Macedonia briefly became the largest empire in the world under the reign of Alexander the Great in the fourth century B.C. Since the formation of the Republic of Macedonia in 1991, Macedonians and Greeks have sparred over which country gets to claim the history of ancient Macedonia as its own. As of February 2019, the country is officially known as the Republic of North Macedonia. Cassander was one of the diadochoi (“successors”), the Macedonian generals who fought over the empire of Alexander the Great after his death in 323. After Antipater’s death in 319, Cassander refused to acknowledge the new regent, Polyperchon. With the aid of Antigonus I Monophthalmus, ruler of Phrygia, Cassander seized Macedonia and most of Greece, including Athens (319–317).
The next year he retrieved it with a spectacular victory, which forced the Athenians to occupy Thermopylae and bar his path to the south. Under Philip V (reigned 221–179) and his son Perseus (reigned 179–168), Macedonia clashed with Rome and lost. (See Macedonian Wars.) Under Roman control Macedonia at first (168–146) formed four independent republics without common bonds. In 146, however, it became a Roman province with the four sections as administrative units.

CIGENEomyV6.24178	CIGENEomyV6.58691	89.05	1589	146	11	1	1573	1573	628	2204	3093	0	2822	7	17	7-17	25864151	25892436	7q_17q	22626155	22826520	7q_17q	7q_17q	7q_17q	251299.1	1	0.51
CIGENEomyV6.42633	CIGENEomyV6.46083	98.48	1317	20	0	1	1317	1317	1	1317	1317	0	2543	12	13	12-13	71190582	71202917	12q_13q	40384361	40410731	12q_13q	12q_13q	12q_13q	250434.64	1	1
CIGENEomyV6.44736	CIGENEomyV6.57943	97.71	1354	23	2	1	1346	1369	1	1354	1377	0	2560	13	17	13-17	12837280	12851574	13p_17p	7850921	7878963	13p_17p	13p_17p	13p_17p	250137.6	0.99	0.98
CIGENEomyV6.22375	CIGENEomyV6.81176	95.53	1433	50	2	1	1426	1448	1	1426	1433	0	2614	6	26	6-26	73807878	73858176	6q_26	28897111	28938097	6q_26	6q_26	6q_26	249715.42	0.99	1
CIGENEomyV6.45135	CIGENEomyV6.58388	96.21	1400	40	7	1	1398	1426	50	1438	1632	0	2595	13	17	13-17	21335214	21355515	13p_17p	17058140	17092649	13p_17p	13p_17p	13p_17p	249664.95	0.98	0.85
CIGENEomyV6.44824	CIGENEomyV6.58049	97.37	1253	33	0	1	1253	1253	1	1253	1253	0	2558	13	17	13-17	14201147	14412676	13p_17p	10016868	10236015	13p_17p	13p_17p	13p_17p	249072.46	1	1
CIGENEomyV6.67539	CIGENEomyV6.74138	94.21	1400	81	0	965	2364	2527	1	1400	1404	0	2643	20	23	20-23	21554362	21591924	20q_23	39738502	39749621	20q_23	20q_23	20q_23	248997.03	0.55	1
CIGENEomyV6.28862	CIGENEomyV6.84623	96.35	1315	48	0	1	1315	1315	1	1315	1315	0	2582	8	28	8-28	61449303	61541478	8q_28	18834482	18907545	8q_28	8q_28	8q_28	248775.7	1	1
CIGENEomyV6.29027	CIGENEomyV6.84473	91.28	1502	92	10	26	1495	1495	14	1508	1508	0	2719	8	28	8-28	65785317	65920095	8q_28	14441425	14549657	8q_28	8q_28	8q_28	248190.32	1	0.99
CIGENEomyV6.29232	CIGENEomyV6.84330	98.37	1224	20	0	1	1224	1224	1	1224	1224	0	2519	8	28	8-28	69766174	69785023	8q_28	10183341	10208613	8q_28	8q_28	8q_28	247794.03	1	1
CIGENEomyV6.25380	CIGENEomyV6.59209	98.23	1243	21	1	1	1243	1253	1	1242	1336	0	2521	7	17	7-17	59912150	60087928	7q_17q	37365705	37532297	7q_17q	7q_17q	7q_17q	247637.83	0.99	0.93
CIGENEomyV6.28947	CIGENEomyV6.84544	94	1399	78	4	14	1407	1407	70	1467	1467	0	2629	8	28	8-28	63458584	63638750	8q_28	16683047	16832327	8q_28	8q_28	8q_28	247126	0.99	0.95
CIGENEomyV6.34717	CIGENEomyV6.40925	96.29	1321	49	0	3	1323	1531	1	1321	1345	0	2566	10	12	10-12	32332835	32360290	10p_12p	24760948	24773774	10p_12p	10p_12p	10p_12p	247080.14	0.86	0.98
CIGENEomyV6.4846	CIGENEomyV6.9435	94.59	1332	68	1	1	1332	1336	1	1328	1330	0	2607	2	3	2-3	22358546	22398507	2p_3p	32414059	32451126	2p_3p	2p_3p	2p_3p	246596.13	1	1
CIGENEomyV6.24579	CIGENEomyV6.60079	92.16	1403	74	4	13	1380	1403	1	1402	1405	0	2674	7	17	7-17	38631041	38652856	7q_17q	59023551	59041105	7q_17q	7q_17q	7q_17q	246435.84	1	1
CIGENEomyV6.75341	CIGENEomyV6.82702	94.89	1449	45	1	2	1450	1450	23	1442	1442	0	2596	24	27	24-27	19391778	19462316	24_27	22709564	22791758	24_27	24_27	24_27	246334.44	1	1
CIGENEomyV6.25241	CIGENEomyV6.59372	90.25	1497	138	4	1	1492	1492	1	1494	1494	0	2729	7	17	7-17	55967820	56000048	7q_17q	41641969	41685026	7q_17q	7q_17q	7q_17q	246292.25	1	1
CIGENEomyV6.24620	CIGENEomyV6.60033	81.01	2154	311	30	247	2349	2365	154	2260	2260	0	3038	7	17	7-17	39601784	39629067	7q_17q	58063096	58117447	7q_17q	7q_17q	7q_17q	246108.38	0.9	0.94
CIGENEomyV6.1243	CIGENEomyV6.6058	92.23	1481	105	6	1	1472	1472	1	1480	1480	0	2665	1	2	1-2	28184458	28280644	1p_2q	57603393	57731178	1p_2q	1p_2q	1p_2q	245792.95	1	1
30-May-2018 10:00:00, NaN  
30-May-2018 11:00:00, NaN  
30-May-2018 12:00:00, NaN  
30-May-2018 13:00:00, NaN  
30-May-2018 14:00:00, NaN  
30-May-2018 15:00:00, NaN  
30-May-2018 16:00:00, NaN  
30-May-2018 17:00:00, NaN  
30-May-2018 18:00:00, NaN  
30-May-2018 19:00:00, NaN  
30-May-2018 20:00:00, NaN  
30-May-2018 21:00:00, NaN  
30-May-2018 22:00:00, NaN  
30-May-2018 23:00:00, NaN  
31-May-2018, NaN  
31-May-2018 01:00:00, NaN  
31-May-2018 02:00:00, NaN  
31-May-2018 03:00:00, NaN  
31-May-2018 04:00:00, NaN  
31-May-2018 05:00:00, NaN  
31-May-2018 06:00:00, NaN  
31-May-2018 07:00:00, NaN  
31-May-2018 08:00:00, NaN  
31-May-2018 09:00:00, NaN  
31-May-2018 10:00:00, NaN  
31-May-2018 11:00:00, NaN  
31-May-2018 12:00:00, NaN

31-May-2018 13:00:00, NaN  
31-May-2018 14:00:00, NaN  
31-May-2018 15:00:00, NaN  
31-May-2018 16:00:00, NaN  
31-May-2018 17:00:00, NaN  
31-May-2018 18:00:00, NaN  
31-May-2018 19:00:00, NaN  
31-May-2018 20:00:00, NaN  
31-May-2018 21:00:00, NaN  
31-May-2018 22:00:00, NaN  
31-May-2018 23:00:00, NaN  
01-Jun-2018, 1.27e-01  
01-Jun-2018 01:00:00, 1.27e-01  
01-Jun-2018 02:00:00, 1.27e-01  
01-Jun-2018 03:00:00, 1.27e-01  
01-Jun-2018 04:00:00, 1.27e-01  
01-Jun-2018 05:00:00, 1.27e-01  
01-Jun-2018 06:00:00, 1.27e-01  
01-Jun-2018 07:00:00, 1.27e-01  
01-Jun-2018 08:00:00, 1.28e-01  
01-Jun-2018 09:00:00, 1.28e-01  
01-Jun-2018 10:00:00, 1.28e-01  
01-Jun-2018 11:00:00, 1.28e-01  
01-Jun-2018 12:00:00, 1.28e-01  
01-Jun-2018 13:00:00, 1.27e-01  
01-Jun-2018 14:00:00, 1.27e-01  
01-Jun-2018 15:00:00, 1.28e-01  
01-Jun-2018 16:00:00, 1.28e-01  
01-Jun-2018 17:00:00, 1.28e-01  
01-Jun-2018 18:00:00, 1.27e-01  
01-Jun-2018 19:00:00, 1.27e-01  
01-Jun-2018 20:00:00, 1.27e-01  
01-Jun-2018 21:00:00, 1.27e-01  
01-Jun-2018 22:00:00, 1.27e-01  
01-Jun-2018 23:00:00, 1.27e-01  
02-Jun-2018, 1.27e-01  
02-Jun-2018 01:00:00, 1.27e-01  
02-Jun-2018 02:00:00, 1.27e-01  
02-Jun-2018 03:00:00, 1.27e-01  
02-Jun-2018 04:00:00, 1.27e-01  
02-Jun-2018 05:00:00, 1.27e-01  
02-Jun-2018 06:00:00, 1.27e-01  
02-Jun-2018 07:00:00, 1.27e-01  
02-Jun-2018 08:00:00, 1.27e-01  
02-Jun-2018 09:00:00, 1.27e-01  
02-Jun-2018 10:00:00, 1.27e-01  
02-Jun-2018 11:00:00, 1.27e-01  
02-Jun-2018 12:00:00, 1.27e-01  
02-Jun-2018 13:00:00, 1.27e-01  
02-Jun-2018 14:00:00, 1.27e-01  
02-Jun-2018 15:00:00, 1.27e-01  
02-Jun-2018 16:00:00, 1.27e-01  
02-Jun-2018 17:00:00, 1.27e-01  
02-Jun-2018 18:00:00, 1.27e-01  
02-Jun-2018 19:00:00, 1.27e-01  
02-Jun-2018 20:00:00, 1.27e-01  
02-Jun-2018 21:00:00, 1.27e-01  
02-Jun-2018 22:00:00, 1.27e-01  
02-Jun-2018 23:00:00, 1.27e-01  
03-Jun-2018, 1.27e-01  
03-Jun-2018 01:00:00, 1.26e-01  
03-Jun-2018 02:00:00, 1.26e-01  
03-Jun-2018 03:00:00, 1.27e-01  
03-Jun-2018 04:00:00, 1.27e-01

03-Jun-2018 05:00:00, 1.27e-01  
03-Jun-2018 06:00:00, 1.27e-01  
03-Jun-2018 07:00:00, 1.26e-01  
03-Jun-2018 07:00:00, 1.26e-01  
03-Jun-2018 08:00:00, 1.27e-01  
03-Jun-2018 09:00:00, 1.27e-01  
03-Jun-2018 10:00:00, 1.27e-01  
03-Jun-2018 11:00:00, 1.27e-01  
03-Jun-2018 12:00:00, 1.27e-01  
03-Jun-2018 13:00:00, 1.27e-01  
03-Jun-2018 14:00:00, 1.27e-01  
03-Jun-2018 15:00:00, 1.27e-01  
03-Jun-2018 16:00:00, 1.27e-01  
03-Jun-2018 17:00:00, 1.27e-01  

The elder son of King Philip V of Macedonia, Perseus commanded troops in his father’s wars against Rome (199) and Aetolia (189). After three years of intriguing against his brother Demetrius, accusing him of coveting the succession, Perseus in 180 persuaded the king to have Demetrius executed. On succeeding to the throne in 179, he extended his influence in Thrace and Illyria but made special efforts to win over the Greek world. To this end he resumed control of the Delphic Amphictyony, established excellent relations with Rhodes, and encouraged revolution in Aetolia and Thessaly.
Philip suffered serious wounds in battle, such as the loss of an eye, a broken shoulder and a damaged leg, according to Worthington. In 334, Alexander embarked on his Asiatic expedition, arriving in Troy that spring. Alexander then faced Persian King Darius III’s army near the Grancius River; Darius’ forces were swiftly defeated. By fall, Alexander and his army had made it across the southern coast of Asia Minor to Gordium, where they took the winter to rest. In the summer of 333, the troops of Alexander and Darius once again went head to head in battle at Issus.